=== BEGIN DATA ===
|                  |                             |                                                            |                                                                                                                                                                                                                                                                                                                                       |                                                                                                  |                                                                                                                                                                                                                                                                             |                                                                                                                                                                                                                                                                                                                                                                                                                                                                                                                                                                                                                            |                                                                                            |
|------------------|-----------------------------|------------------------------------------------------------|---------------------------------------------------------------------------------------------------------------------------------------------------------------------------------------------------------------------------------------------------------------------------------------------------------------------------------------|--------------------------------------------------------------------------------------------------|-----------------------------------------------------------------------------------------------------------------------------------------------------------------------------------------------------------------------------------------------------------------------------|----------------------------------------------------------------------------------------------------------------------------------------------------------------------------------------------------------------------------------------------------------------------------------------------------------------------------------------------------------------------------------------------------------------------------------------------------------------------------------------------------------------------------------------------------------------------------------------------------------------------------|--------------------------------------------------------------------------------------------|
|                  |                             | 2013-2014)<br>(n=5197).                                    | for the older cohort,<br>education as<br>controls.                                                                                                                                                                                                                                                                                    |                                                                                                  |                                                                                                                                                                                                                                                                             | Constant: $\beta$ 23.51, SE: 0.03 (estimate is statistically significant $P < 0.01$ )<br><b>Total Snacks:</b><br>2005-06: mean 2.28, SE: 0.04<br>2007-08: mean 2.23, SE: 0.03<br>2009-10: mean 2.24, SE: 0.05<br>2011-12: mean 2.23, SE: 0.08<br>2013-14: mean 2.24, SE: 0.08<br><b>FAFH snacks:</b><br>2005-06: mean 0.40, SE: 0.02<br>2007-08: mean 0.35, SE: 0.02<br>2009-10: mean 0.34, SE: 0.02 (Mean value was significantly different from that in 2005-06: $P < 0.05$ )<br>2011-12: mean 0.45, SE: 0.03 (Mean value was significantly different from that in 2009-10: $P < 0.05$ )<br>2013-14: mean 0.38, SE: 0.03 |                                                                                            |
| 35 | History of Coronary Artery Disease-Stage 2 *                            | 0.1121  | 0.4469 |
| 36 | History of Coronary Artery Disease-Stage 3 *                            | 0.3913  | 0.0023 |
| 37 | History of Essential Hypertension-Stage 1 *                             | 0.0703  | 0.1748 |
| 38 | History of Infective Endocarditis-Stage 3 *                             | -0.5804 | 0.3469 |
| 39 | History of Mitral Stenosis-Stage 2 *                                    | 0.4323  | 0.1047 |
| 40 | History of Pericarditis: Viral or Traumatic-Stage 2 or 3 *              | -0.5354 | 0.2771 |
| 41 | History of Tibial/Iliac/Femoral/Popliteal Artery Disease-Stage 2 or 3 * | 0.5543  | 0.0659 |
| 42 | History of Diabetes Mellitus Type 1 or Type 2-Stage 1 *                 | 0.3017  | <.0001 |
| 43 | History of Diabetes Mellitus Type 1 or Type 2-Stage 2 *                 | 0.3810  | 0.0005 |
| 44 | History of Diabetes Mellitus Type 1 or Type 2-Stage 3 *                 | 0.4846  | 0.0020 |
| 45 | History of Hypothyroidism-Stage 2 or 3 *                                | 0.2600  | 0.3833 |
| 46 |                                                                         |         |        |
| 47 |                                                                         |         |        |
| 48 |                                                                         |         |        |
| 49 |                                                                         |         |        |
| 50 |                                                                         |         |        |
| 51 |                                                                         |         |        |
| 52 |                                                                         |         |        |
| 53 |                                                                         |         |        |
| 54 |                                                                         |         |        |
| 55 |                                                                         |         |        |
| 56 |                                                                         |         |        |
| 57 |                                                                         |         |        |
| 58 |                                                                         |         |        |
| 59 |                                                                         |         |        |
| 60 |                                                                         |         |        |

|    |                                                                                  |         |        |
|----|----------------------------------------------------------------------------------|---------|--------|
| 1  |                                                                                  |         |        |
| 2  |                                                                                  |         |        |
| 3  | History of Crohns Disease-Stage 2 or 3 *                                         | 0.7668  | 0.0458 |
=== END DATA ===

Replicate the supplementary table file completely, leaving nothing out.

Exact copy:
|                  |                             |                                                            |                                                                                                                                                                                                                                                                                                                                       |                                                                                                  |                                                                                                                                                                                                                                                                             |                                                                                                                                                                                                                                                                                                                                                                                                                                                                                                                                                                                                                            |                                                                                            |
|------------------|-----------------------------|------------------------------------------------------------|---------------------------------------------------------------------------------------------------------------------------------------------------------------------------------------------------------------------------------------------------------------------------------------------------------------------------------------|--------------------------------------------------------------------------------------------------|-----------------------------------------------------------------------------------------------------------------------------------------------------------------------------------------------------------------------------------------------------------------------------|----------------------------------------------------------------------------------------------------------------------------------------------------------------------------------------------------------------------------------------------------------------------------------------------------------------------------------------------------------------------------------------------------------------------------------------------------------------------------------------------------------------------------------------------------------------------------------------------------------------------------|--------------------------------------------------------------------------------------------|
|                  |                             | 2013-2014)<br>(n=5197).                                    | for the older cohort,<br>education as<br>controls.                                                                                                                                                                                                                                                                                    |                                                                                                  |                                                                                                                                                                                                                                                                             | Constant: $\beta$ 23.51, SE: 0.03 (estimate is statistically significant $P < 0.01$ )<br><b>Total Snacks:</b><br>2005-06: mean 2.28, SE: 0.04<br>2007-08: mean 2.23, SE: 0.03<br>2009-10: mean 2.24, SE: 0.05<br>2011-12: mean 2.23, SE: 0.08<br>2013-14: mean 2.24, SE: 0.08<br><b>FAFH snacks:</b><br>2005-06: mean 0.40, SE: 0.02<br>2007-08: mean 0.35, SE: 0.02<br>2009-10: mean 0.34, SE: 0.02 (Mean value was significantly different from that in 2005-06: $P < 0.05$ )<br>2011-12: mean 0.45, SE: 0.03 (Mean value was significantly different from that in 2009-10: $P < 0.05$ )<br>2013-14: mean 0.38, SE: 0.03 |                                                                                            |
| 35 | History of Coronary Artery Disease-Stage 2 *                            | 0.1121  | 0.4469 |
| 36 | History of Coronary Artery Disease-Stage 3 *                            | 0.3913  | 0.0023 |
| 37 | History of Essential Hypertension-Stage 1 *                             | 0.0703  | 0.1748 |
| 38 | History of Infective Endocarditis-Stage 3 *                             | -0.5804 | 0.3469 |
| 39 | History of Mitral Stenosis-Stage 2 *                                    | 0.4323  | 0.1047 |
| 40 | History of Pericarditis: Viral or Traumatic-Stage 2 or 3 *              | -0.5354 | 0.2771 |
| 41 | History of Tibial/Iliac/Femoral/Popliteal Artery Disease-Stage 2 or 3 * | 0.5543  | 0.0659 |
| 42 | History of Diabetes Mellitus Type 1 or Type 2-Stage 1 *                 | 0.3017  | <.0001 |
| 43 | History of Diabetes Mellitus Type 1 or Type 2-Stage 2 *                 | 0.3810  | 0.0005 |
| 44 | History of Diabetes Mellitus Type 1 or Type 2-Stage 3 *                 | 0.4846  | 0.0020 |
| 45 | History of Hypothyroidism-Stage 2 or 3 *                                | 0.2600  | 0.3833 |
| 46 |                                                                         |         |        |
| 47 |                                                                         |         |        |
| 48 |                                                                         |         |        |
| 49 |                                                                         |         |        |
| 50 |                                                                         |         |        |
| 51 |                                                                         |         |        |
| 52 |                                                                         |         |        |
| 53 |                                                                         |         |        |
| 54 |                                                                         |         |        |
| 55 |                                                                         |         |        |
| 56 |                                                                         |         |        |
| 57 |                                                                         |         |        |
| 58 |                                                                         |         |        |
| 59 |                                                                         |         |        |
| 60 |                                                                         |         |        |

|    |                                                                                  |         |        |
|----|----------------------------------------------------------------------------------|---------|--------|
| 1  |                                                                                  |         |        |
| 2  |                                                                                  |         |        |
| 3  | History of Crohns Disease-Stage 2 or 3 *                                         | 0.7668  | 0.0458 |